In the finished polymer, the hydroquinone group is linked through a methylene bridge to an aromatic ring. Also attached to the aromatic ring is an ethylene moiety. This ethylene moiety is part of an alkyl polymer chain. This chain is made up of covalent carbon-carbon bonds. These bonds are relatively nonmetabolizable and nonrupturable. This ensures that the polymer molecule will hold together in use and not break down into individual groups. The polymer, as depicted by General Structural Formula I, is made up of n linked together groups. n Has a value which may vary from 3 to 10,000. While materials in which n equals 1 or 2 are believed to be new and to have antioxidant activity, their small molecular size can lead to absorption from the gastrointestinal tract when used in food as well as undesired migration and volatility during processing. n Can, if desired, have a value greater than 10,000, but materials of such large size are not required either for nonabsorbtivity or for nonvolatility.

Preferably, n has a value of from about 4 to about 4000 inclusive, very preferably from 5 to 2000 inclusive, most preferably from 5 to 750.

Use of the Materials as Antioxidants

The present materials are useful as antioxidants. When they are admixed with oxidizable substances such as plastics, rubbers, or deterioration-prone foodstuffs in an amount of from about 2 to 50,000 parts per million by weight (basis oxidizable substance), they function to retard oxidation of the substance. In rubbers and plastics these materials offer the advantage of being substantially nonvolatile and thus unlikely to be lost by vaporization. They are also less likely to migrate through these substrates. In oxidizable consumables, as exemplified by food products and food components such as edible oils, fats, essential oils, nuts and flavorings, an effective amount of these antioxidant materials such as from 2 to 10,000 parts per million by weight or preferably from 5 to 1000 parts per million by weight, is generally employed. In such use, the high molecular weight and concomitant low migration and volatility greatly enhance product processing such as by reducing steam distillation of the antioxidants, and eliminating the need to continually add additional antioxidant to compensate for such loss. Also, the antioxidants of this invention present the advantage of nonabsorbtivity through the walls of the gastrointestinal tract, thereby eliminating any risk of toxicity.

When used as antioxidants for oxidizable substances, these materials are intimately admixed with the oxidizable substance such as being dissolved in the oxidizable substance, by being mixed as solid particles through the oxidizable substance, by being added as a solution in a suitable carrier, or the like.

Preparation of the Materials

The hydroquinone materials of this invention are polymers. Generally they are suitably prepared directly from a vinylbenzyl compound and a hydroquinone without a separate isolation of the intermediate vinylbenzylhydroquinone monomer. Such a process may be carried out by forming an intimate mixture of the benzyl compound and the hydroquinone in an organic reaction solvent in the presence of a cationic catalyst and maintaining the mixture at a temperature of from about 10.degree. to about 200.degree. C for from 0.2 hours to about 15 hours and thereafter isolating the desired polymer product from the reaction solvent and catalyst.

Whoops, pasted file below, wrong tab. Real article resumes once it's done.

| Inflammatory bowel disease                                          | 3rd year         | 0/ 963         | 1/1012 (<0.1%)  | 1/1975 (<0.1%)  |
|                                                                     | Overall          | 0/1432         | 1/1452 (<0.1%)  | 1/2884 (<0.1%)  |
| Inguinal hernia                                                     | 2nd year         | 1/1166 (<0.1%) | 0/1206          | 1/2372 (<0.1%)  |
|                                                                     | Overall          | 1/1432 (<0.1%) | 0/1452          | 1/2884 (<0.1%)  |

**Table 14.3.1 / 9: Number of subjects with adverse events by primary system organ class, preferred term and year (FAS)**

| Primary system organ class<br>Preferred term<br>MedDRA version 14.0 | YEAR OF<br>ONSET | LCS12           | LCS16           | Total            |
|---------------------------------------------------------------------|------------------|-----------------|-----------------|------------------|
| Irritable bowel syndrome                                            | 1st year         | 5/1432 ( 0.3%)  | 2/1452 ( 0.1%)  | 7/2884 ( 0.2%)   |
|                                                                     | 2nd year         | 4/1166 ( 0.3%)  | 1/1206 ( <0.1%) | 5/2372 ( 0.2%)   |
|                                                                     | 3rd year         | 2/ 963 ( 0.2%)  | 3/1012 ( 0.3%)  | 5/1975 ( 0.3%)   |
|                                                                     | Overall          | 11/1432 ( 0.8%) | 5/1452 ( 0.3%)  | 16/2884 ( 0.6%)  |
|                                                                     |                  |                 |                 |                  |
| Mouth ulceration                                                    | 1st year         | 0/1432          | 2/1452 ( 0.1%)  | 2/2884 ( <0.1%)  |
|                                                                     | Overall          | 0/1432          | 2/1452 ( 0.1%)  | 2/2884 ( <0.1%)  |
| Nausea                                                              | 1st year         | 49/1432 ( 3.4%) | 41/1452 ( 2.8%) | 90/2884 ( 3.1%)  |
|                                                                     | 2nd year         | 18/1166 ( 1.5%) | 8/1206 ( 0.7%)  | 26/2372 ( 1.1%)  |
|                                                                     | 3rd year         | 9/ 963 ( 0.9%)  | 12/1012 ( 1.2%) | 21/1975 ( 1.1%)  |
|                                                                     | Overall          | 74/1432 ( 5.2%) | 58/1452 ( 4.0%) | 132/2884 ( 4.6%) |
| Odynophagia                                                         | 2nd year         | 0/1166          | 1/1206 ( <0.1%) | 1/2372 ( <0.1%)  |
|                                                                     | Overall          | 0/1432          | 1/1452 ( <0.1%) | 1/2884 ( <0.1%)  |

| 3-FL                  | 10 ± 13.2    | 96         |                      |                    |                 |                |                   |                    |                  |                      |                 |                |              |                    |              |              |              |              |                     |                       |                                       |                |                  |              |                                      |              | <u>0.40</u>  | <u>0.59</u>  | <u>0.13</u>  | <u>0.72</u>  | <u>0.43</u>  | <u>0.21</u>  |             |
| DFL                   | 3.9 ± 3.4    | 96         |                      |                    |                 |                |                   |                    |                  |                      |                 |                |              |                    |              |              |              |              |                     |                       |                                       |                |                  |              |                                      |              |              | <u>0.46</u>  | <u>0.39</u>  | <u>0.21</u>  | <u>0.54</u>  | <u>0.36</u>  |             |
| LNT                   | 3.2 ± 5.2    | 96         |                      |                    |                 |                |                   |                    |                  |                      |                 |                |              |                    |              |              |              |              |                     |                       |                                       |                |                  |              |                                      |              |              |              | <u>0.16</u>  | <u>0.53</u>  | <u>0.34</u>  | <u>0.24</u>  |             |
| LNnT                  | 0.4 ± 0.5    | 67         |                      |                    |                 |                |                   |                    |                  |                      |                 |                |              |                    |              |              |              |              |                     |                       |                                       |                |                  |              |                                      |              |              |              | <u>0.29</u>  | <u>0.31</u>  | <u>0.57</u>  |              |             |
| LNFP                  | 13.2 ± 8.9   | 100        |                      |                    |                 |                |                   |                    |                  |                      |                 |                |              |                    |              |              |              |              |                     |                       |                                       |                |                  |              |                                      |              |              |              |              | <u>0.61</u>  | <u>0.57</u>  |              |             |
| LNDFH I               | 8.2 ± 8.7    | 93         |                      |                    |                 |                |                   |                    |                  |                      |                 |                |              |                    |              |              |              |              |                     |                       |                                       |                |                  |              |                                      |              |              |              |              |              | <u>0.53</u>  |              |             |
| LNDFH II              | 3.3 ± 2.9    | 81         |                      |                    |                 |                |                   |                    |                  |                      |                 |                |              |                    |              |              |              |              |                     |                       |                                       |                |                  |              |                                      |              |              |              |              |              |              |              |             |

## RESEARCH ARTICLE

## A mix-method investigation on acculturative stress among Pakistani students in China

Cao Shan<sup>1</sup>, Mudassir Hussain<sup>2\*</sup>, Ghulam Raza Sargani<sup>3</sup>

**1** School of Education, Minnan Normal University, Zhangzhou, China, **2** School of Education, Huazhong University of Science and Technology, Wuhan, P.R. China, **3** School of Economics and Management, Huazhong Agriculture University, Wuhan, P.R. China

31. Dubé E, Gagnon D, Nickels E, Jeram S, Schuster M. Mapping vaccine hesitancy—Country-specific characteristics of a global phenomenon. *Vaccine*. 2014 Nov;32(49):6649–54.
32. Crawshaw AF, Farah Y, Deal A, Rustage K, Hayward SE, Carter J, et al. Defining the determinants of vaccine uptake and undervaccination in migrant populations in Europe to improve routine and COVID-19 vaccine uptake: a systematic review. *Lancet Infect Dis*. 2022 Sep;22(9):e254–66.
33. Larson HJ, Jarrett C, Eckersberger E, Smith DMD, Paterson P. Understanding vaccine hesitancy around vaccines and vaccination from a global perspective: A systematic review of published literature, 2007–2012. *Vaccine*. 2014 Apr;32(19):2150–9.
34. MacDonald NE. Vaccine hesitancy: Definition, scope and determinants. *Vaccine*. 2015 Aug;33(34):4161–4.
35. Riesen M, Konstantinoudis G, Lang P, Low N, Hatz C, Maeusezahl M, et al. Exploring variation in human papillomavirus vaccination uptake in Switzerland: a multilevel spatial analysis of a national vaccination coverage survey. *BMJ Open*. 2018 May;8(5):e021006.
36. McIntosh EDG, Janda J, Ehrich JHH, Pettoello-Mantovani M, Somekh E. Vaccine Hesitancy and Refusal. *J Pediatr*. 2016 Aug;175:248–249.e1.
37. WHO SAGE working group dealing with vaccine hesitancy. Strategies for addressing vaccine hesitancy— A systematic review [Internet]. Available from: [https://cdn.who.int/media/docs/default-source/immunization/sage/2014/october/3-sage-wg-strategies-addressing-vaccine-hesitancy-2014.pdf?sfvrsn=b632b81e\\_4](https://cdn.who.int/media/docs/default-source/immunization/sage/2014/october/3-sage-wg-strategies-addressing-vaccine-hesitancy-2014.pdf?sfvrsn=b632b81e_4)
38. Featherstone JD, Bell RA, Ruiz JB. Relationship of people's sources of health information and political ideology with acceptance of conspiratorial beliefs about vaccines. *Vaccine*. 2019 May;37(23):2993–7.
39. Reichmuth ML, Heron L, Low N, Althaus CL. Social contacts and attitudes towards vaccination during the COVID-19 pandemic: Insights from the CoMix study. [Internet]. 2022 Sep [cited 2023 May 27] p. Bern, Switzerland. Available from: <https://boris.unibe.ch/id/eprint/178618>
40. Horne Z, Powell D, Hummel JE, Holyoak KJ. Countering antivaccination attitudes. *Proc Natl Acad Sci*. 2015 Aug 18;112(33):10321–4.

The feedstocks for this preparation are vinylbenzyl compounds which contain a leaving group and are suitable for forming benzyl cations, and R and R'-substituted hydroquinones. The most common and preferred vinylbenzyl compound is vinylbenzylchloride. Other useful and preferred materials include the remaining vinylbenzylhalides, i.e., vinylbenzylflouride, vinylbenzyliodide, and vinylbenzylbromide; sulfur-containing vinylbenzyl materials such as vinylbenzylsulfonate, vinylbenzylsulfate, the vinylbenzylhalosulfites, vinylbenzylsulfite, and the half ester forms of vinylbenzylsulfuric acid and vinylbenzylphosphoric acid may also be employed.

In the R and R'-substituted hydroquinones, R and R' independently may equal hydrogen or a lower alkyl of from 1 to 5 carbon atoms. R and R' are described in more detail hereinabove. If desired, of course, mixtures of two or more vinylbenzyl compounds and/or hydroquinones may be employed.

The benzyl compound and hydroquinone are combined in an organic reaction solvent. Suitable solvents may be characterized as liquid organic inert aprotic solvents and include ethers such as diethyl ether and glyme; and halohydrocarbons such as dichloroethane or trichloroethane. Blends of these materials may be used as well. For ease of use and economy, diethylether and 1,2-dichloroethane and mixtures thereof are preferred solvents.

The relative amounts of the two reactants and the solvent should be chosen within the following limits: the molar ratio of hydroquinone to vinylbenzyl compound employed should be between 2:1 to 1:2. Preferably, this ratio ranges between 1:11 to 1:1.01. For good reaction, the amount of solvent should be such as to permit the total concentration of hydroquinone and vinylbenzyl compound to be from about 60 to about 5 percent by weight based on the total solution weight. Preferably this concentration is maintained between 40 and 20 percent by weight. Control of solvent amount to provide reactant concentrations within these ranges permits smooth and trouble-free polymerization.